What Makes Hawaiian Macaroni Salad Unique

Few will disagree that pasta noodles are best enjoyed when they are al dente or "to the tooth," which means the noodles are firm, not mushy and chewy without being too hard, per Taste of Home. Al dente also means that less of the starch has been unlocked by cooking, so the noodles aren't likely to trigger any sugar-related highs and lows.

That rule gets tossed to the side when a Hawaiian macaroni salad is involved. The noodles used in this particular salad are meant to spend more time in boiling water than the Italians which invented it say they are meant to. This means, in the words of Onolicious Hawaii, that the noodles are "ideally overcooked." 

Far from becoming the pasta dish that every veteran cook warns us about, the mushy macaroni packs a punch when served in Hawaiian mac salad. The New York Times writer Ligaya Mishan, who grew up in Hawaii, describes the carb-heavy dish as "a condiment unto itself" — and a platform for its star ingredient, mayonnaise.

Mac salads can only be made with a specific mayonnaise

While most macaroni salads found in the continental United States might consider mayonnaise as an optional add-in, Hawaiian mac salads appear to be made of the stuff. Hawaiian Chef Mark Noguchi — or Gooch — warns The New York Times, "Just so you know, you'll be using a lot of mayo. Obscene, guaranteed-going-to-make-you-raise-your-eyebrow kine of lot." And not any mayonnaise will do either, because it needs to be Best Foods brand, or Hellmann's as it is known in some parts of the country. In fact, using any other type of mayonnaise could well be considered a form of culinary sacrilege. "Some people get fancy with Kewpie [mayonnaise]  and that's fine, but it's not mine," the chef sniffs.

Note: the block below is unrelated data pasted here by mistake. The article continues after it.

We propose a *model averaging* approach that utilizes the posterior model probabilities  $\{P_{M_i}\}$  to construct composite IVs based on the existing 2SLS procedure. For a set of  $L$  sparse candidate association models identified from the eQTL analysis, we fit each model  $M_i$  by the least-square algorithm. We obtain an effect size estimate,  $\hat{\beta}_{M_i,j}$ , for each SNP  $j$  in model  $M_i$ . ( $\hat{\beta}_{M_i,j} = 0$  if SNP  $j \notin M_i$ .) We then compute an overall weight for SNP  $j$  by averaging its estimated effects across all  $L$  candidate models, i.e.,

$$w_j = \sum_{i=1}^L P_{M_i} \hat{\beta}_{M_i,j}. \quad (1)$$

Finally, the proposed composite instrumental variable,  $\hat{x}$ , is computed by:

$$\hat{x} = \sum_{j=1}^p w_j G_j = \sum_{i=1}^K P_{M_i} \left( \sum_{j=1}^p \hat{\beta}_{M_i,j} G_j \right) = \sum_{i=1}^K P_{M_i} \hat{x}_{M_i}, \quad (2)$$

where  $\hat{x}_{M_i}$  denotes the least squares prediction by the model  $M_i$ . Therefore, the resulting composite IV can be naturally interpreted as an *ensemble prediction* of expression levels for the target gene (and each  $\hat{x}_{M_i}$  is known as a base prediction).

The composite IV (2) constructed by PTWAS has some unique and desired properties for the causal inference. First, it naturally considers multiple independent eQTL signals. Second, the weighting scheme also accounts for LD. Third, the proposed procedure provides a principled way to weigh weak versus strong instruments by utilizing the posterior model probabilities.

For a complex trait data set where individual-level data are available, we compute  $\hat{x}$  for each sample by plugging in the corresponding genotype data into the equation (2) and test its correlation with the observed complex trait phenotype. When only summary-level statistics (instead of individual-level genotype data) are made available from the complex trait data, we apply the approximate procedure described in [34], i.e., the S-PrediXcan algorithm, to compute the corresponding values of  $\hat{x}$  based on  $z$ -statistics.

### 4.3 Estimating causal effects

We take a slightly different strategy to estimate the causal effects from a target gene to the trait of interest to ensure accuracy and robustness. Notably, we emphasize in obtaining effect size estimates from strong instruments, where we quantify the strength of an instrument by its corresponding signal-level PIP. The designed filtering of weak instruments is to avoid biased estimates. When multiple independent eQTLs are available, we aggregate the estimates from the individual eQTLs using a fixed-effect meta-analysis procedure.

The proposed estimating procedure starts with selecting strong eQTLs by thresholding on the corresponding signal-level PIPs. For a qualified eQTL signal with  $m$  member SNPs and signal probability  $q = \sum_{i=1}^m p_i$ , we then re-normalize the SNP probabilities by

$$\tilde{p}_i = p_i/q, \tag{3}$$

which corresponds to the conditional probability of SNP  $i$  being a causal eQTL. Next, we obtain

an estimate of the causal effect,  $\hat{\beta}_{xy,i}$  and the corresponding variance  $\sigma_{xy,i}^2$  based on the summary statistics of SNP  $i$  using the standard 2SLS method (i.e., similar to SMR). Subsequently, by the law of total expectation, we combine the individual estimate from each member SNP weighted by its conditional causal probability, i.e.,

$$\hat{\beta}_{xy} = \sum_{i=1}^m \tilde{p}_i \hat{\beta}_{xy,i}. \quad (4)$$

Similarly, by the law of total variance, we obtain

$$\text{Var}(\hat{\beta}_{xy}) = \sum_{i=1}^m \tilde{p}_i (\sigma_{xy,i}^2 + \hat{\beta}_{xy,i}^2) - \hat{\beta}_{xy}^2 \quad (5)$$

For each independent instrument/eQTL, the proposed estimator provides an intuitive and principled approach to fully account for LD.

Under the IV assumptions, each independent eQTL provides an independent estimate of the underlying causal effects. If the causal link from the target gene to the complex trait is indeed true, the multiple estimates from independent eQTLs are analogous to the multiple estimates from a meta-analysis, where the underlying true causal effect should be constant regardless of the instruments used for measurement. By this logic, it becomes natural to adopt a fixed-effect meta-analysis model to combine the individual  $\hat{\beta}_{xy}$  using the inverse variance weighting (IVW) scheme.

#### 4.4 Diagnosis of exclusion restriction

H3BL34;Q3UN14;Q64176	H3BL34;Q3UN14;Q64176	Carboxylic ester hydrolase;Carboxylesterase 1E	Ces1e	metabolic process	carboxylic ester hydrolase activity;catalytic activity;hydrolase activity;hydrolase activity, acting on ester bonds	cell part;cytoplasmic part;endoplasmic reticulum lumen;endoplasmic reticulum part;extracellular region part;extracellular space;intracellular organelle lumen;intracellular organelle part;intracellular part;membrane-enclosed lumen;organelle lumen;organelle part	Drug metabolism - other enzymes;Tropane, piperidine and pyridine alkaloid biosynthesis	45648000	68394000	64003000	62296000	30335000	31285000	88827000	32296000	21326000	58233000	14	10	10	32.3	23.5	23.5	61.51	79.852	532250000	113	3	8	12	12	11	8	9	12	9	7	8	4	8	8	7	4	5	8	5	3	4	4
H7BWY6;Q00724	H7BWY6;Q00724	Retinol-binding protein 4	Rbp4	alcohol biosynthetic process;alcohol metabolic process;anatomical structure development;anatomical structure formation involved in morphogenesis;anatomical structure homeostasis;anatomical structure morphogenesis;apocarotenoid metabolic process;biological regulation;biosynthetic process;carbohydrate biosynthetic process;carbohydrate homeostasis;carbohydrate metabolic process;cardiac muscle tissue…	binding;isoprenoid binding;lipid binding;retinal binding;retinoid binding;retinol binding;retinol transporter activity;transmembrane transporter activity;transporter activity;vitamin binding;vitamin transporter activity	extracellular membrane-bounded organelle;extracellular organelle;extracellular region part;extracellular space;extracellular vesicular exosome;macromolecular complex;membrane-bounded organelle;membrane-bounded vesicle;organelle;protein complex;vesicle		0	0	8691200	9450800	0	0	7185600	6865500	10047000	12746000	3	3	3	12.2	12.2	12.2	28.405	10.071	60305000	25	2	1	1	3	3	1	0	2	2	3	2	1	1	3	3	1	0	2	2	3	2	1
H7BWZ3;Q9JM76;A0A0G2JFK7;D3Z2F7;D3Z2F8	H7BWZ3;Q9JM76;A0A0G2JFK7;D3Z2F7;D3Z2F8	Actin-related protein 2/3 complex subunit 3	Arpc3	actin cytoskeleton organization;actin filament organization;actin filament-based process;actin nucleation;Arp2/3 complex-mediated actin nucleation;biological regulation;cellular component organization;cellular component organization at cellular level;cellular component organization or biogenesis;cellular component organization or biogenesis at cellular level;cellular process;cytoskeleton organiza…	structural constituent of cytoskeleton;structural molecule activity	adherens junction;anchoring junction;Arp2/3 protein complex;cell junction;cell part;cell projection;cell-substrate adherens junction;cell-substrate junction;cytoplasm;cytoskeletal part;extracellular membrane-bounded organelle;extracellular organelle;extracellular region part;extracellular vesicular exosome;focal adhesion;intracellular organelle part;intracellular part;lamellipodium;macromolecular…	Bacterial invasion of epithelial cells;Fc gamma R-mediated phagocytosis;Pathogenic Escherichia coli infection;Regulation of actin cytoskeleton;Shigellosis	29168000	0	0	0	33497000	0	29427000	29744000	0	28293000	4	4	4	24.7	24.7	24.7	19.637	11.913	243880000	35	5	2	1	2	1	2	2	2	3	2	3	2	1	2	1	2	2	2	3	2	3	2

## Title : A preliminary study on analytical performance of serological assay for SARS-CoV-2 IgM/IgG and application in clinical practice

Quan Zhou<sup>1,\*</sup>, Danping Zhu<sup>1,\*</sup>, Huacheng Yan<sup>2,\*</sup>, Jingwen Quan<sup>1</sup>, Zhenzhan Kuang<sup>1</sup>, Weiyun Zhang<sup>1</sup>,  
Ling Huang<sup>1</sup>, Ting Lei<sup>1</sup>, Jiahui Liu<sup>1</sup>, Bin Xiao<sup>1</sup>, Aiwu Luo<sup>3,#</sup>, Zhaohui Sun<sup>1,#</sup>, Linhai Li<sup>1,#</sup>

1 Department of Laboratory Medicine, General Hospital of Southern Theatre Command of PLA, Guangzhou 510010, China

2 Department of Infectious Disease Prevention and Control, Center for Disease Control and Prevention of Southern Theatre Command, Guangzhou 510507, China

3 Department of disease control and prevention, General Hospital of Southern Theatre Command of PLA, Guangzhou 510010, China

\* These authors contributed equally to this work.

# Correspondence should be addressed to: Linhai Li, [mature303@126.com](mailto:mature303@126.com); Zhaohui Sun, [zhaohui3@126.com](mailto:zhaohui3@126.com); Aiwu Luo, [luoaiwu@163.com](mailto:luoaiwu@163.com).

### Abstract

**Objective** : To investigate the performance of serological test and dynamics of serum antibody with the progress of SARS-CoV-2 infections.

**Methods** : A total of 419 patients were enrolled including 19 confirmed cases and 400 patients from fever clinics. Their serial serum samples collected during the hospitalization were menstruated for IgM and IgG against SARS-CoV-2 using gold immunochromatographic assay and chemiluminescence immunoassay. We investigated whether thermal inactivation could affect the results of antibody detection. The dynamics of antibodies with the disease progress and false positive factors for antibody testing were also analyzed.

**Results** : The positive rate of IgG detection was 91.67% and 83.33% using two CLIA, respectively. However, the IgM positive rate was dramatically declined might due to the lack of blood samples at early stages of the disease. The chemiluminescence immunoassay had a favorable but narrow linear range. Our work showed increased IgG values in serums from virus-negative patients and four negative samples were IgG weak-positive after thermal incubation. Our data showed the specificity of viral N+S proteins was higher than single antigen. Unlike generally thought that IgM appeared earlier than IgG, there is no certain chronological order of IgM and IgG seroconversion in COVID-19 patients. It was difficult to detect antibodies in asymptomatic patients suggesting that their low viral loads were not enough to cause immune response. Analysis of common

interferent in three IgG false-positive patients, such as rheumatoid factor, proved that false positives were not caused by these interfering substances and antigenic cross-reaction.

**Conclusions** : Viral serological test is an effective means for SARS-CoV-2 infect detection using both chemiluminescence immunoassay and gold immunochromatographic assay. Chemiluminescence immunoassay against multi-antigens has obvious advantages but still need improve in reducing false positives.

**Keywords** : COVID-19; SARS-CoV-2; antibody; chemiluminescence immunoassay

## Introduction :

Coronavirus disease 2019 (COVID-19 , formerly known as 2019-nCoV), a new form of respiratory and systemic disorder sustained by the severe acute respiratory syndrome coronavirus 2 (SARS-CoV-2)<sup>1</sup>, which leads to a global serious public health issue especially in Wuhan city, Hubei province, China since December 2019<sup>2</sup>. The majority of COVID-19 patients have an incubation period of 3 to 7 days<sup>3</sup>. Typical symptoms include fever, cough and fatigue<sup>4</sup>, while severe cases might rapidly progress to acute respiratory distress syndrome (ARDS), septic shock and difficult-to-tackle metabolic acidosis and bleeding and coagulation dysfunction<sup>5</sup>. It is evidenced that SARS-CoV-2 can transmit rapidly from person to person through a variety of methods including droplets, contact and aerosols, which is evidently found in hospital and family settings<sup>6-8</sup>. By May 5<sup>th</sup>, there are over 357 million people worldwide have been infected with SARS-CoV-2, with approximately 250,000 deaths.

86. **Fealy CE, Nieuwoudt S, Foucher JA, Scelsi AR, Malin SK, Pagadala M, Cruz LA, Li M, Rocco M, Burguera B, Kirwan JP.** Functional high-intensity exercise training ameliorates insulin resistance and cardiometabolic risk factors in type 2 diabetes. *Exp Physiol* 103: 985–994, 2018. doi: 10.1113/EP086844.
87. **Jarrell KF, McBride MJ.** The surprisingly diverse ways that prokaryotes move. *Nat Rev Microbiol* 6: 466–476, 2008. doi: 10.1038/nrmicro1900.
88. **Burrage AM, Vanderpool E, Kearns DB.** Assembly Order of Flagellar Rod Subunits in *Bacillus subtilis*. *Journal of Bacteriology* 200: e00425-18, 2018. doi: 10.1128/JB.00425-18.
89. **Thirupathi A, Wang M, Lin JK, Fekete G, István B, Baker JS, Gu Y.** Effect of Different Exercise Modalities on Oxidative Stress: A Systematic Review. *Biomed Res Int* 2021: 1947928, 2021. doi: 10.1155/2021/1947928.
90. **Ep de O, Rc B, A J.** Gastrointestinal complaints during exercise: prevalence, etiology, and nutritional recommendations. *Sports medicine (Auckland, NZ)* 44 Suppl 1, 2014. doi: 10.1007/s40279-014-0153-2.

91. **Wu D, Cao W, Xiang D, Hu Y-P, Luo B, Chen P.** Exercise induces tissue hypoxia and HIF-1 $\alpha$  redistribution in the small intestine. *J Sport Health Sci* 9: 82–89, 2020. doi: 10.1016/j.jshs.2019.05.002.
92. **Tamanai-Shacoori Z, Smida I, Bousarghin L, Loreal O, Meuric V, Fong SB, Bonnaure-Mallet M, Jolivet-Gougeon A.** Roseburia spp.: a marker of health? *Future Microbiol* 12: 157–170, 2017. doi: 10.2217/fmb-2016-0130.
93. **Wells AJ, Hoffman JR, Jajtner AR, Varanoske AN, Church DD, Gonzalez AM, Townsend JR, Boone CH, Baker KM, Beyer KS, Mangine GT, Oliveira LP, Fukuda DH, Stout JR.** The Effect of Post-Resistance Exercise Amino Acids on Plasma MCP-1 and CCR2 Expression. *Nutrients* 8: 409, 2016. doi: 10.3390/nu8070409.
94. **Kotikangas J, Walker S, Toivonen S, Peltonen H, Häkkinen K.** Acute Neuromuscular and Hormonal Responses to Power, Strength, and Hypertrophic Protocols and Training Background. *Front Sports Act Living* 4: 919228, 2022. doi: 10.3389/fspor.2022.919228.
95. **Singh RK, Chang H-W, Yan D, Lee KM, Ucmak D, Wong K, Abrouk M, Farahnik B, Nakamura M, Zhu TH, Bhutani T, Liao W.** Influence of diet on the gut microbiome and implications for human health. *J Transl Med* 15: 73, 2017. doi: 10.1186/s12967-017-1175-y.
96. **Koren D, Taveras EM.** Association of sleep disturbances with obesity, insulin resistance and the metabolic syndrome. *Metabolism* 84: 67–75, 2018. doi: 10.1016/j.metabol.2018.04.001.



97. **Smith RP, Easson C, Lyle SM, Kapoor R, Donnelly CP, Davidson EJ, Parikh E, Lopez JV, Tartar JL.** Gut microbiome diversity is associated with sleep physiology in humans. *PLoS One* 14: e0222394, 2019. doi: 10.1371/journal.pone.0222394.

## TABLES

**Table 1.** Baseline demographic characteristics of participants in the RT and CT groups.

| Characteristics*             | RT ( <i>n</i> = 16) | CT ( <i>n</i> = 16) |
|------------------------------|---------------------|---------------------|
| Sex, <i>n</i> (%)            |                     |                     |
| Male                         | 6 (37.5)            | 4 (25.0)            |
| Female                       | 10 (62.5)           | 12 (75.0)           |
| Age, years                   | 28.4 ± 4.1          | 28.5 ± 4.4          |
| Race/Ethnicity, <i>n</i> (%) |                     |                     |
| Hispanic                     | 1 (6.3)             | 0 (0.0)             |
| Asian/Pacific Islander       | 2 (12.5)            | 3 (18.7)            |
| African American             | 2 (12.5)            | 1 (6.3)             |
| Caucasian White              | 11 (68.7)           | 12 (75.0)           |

That's not all. Taste says Hawaiian mac salad does without mustard, sugar, or even MSG — although the jury appears to be out on whether or not vinegar should be involved. Chef Sheldon Simeon prefers to go without, while cookbook author Alana Kysar says mac salad is bland sans vinegar. "Where's the tang? It's so flat if you don't put vinegar in," she says.

Mac salads are an important part of a plate lunch

No one can quite figure where or how Hawaiian mac salad came to be. Onolicious Hawaii reckons the dish was an adaptation of the potato salad which made it to the islands either through the efforts of European hotel chefs who made the potato salads for guests or through the islands' sugar and pineapple plantation managers, who might have made the same with potatoes too. Local staff are believed to have made the ingredient swap from potato to macaroni because the latter was cheaper and less perishable.

Mac salads have their fans. Local food author Arnold Hiura tells Taste that the late actor, Pat Morita, would go to his favorite bar in Hawaii and "order a drink and a double order of mac salad. [Morita] would eat the whole thing by himself."

Today, mac salad's most memorable role is as a supporting actor in a Hawaiian plate lunch, the ubiquitous meal that includes a serving of meat, white rice, and a few greens. Chef Simeon says mac salad plays an important role in plate lunches: "With all the big flavors we have in Hawaii, it's a good moment to fill your palate and get a balanced bite."